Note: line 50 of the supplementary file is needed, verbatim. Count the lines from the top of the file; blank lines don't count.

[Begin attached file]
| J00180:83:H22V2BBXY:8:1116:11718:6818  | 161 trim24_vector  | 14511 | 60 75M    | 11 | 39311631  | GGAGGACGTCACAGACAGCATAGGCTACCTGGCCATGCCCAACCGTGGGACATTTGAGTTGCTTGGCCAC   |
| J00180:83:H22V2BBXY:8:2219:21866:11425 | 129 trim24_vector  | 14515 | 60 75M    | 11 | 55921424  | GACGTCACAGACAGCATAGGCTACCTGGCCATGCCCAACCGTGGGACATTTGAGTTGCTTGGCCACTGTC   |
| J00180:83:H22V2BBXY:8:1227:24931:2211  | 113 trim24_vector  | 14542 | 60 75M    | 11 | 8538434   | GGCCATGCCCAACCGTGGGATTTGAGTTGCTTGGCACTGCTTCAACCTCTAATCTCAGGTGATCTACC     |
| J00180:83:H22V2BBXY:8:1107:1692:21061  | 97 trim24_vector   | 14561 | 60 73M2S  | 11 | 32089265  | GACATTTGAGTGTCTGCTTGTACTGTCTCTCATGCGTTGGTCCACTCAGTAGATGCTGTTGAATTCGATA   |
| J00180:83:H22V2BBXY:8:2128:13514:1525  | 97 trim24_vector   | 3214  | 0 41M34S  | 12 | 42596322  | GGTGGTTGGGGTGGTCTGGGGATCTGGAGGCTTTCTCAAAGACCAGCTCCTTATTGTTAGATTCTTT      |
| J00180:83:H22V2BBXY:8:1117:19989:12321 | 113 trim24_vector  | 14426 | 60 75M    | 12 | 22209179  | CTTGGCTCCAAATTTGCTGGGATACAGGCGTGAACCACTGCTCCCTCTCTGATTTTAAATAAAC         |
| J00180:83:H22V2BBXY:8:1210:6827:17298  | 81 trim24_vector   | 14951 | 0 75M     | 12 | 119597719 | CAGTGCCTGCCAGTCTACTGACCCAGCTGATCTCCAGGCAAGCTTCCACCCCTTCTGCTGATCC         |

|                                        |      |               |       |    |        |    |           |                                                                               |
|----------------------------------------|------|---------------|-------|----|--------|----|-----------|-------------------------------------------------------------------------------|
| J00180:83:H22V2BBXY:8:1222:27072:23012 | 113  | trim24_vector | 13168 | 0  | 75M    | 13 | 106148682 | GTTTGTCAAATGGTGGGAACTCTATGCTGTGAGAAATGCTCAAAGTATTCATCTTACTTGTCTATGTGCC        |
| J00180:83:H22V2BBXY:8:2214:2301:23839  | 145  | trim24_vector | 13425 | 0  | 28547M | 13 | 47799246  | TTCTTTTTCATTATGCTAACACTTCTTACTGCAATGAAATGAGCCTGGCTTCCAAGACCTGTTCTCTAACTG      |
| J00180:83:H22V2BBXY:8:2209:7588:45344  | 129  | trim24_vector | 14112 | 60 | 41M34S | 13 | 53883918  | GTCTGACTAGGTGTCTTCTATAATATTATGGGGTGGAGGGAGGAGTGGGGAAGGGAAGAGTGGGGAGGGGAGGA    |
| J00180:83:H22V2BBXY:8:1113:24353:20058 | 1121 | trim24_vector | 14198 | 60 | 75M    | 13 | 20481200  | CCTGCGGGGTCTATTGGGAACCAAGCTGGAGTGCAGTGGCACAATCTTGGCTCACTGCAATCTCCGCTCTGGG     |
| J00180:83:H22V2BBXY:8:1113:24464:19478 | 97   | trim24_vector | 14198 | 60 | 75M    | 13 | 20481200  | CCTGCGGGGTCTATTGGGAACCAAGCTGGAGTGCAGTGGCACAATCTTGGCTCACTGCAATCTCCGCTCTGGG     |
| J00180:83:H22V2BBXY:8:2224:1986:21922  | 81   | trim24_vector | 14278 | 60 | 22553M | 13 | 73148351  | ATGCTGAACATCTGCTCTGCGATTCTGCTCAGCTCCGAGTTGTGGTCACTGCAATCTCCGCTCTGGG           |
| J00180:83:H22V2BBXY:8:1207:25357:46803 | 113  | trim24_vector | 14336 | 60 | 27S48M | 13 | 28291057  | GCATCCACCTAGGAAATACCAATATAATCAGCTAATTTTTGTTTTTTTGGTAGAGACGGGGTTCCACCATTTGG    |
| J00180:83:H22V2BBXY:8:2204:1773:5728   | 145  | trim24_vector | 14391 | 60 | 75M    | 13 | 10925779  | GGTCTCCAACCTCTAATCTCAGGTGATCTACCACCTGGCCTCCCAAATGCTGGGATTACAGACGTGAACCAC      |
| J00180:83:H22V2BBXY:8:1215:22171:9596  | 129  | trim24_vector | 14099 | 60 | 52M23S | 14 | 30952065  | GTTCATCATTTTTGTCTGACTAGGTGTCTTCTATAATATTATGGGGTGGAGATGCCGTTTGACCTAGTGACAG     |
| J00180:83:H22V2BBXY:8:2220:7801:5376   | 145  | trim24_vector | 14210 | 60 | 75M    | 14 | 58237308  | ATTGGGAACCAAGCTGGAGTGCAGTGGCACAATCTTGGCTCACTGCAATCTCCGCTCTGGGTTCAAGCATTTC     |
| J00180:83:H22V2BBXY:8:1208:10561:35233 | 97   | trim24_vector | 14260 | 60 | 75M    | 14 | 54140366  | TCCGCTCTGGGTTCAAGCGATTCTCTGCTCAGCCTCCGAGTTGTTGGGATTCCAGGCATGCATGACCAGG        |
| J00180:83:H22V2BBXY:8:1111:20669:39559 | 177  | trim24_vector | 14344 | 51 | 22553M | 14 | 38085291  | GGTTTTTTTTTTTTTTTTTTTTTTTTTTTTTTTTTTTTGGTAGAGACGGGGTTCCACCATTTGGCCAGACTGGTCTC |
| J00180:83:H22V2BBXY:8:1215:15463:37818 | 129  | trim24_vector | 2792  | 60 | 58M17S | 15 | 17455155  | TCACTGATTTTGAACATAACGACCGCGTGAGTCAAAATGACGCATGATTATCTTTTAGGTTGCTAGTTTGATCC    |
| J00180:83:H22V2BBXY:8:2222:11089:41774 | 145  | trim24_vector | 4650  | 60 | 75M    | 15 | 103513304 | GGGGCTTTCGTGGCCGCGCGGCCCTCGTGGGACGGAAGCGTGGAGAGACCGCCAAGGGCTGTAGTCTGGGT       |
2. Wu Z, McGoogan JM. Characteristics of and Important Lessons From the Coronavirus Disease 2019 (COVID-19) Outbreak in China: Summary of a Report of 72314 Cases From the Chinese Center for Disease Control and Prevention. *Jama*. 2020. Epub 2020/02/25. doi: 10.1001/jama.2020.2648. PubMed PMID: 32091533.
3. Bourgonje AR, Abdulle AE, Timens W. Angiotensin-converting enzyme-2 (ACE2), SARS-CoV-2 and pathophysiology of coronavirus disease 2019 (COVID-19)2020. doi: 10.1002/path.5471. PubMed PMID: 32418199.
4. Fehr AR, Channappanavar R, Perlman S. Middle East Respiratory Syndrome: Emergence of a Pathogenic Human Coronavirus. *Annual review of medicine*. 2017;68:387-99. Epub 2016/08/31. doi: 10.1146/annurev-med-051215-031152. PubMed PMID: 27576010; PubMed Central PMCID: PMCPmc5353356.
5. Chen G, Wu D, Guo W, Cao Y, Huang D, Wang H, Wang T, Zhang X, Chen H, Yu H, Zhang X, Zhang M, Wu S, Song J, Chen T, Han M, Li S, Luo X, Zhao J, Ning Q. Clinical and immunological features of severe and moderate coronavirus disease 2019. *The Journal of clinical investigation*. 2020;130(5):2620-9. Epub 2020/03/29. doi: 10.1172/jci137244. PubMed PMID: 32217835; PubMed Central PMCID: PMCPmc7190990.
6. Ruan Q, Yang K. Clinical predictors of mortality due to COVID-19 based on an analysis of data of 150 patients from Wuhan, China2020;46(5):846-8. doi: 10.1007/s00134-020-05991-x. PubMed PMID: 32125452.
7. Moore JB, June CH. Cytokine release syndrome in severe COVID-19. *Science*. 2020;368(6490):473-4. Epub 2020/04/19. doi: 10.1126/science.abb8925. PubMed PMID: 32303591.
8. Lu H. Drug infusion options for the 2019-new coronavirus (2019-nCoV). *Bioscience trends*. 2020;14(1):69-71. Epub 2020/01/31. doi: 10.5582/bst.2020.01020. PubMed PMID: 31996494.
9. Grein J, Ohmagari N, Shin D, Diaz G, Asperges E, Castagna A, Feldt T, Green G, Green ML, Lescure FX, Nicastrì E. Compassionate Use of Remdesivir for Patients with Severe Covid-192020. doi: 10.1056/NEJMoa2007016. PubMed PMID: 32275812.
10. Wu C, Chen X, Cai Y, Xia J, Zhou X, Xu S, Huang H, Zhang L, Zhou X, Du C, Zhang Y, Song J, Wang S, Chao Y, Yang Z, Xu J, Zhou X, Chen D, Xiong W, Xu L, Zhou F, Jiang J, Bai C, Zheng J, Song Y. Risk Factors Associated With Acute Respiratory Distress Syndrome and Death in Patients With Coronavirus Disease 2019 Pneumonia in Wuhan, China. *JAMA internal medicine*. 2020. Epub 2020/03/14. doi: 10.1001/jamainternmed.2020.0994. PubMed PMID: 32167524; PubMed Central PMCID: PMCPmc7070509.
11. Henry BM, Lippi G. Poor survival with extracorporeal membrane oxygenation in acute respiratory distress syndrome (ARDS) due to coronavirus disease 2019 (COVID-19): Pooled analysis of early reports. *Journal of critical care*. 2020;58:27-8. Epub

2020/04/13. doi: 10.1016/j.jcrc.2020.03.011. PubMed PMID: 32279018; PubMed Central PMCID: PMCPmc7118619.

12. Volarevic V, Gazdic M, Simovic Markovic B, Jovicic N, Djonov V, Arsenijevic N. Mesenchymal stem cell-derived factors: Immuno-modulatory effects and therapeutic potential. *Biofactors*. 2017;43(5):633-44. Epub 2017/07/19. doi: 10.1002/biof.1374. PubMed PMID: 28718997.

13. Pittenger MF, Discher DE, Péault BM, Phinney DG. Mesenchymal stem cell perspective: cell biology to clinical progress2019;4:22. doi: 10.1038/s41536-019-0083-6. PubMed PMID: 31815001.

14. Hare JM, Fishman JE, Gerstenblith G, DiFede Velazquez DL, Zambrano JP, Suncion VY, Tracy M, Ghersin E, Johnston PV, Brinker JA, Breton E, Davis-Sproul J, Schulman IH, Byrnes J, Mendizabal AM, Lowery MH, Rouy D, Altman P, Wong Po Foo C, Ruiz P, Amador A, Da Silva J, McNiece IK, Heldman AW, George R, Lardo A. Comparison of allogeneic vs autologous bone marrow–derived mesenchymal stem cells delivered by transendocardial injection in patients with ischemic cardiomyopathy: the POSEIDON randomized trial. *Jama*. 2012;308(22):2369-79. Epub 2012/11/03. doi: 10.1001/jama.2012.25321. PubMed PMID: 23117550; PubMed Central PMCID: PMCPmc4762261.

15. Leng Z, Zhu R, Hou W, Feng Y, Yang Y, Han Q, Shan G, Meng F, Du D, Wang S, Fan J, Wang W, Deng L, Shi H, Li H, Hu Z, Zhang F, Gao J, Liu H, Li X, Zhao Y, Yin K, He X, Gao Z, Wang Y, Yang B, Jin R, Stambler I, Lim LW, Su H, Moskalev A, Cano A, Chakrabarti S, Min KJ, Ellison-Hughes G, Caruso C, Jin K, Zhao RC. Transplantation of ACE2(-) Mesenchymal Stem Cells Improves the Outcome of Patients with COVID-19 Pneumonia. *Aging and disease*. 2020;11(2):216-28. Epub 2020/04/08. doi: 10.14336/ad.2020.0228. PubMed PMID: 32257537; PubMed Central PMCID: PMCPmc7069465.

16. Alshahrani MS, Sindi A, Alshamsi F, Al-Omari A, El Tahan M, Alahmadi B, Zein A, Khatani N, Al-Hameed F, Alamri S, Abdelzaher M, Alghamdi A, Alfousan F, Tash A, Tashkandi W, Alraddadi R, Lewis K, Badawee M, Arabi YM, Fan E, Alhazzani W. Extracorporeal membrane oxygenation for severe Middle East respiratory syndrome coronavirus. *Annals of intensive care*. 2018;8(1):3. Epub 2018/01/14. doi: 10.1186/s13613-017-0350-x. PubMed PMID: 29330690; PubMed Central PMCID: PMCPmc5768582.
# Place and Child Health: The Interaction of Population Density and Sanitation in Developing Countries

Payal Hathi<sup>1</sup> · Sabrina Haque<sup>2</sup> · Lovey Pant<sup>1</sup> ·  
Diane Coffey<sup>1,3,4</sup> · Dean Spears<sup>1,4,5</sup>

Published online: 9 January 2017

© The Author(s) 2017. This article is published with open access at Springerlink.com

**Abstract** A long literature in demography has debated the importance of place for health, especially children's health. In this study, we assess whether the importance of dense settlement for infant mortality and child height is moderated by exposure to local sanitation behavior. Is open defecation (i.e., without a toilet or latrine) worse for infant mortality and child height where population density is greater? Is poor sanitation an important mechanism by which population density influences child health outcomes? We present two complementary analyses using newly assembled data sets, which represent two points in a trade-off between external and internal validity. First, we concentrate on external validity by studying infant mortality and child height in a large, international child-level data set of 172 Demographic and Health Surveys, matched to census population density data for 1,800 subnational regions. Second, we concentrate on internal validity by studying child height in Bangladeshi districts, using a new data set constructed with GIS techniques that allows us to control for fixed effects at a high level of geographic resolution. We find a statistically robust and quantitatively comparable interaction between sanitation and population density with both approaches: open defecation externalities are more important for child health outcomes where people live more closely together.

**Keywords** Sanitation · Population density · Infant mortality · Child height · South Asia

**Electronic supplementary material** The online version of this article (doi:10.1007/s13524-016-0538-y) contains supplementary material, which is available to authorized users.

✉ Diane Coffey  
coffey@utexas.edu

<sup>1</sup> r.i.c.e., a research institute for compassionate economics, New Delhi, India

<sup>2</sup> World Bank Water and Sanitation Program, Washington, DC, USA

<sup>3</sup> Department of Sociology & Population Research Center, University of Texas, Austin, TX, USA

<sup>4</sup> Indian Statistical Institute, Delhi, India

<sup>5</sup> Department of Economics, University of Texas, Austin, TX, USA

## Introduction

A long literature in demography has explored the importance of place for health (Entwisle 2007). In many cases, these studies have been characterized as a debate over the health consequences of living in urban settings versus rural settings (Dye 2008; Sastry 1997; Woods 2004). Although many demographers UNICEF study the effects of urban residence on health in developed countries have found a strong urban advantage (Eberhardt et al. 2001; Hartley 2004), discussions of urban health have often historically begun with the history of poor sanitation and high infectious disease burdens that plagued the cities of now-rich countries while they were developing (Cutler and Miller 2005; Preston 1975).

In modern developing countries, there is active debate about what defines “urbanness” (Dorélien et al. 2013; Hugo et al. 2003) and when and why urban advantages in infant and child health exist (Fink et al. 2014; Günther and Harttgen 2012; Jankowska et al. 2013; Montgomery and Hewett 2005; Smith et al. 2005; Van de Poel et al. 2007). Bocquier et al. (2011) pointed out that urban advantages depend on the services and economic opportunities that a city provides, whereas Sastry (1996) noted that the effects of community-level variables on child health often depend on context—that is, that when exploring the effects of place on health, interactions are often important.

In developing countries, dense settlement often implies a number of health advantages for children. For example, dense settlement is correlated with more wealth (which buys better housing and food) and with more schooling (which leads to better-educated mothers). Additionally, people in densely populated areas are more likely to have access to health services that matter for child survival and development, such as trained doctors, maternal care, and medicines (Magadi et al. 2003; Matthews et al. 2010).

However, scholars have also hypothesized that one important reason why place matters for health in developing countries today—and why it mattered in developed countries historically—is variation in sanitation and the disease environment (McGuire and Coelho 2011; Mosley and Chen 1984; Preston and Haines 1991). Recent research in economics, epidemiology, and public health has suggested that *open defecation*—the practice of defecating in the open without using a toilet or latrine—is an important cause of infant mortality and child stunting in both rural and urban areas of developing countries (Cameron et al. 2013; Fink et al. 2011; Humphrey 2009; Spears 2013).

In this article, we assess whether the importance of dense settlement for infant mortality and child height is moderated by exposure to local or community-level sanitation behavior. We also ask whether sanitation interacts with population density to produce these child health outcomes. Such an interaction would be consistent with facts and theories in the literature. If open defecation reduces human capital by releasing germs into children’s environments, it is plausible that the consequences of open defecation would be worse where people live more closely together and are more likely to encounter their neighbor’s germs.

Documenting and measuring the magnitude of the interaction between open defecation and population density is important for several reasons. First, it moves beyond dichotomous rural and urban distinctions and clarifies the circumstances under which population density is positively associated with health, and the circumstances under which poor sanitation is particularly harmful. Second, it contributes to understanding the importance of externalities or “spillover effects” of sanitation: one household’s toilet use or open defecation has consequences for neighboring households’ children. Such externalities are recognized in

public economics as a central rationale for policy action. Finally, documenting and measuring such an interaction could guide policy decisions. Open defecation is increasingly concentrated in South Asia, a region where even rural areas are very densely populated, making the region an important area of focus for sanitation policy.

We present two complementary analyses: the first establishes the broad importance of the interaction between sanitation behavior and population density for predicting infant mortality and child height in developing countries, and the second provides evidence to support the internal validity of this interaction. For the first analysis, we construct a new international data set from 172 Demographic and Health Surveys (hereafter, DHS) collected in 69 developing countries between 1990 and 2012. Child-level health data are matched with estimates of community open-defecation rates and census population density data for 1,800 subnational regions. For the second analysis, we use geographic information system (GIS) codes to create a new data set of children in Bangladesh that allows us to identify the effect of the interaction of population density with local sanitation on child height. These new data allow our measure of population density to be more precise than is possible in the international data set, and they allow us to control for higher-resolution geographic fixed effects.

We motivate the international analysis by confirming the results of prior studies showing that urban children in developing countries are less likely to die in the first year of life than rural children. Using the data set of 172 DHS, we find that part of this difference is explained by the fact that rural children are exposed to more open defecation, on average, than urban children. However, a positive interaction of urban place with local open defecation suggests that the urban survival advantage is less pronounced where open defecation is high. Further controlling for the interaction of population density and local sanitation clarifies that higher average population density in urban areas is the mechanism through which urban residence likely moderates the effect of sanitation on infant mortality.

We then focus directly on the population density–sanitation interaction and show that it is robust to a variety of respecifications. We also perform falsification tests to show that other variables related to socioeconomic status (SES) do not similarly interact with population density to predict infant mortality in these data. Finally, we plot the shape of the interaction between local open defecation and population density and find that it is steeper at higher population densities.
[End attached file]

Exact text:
<sup>1</sup> r.i.c.e., a research institute for compassionate economics, New Delhi, India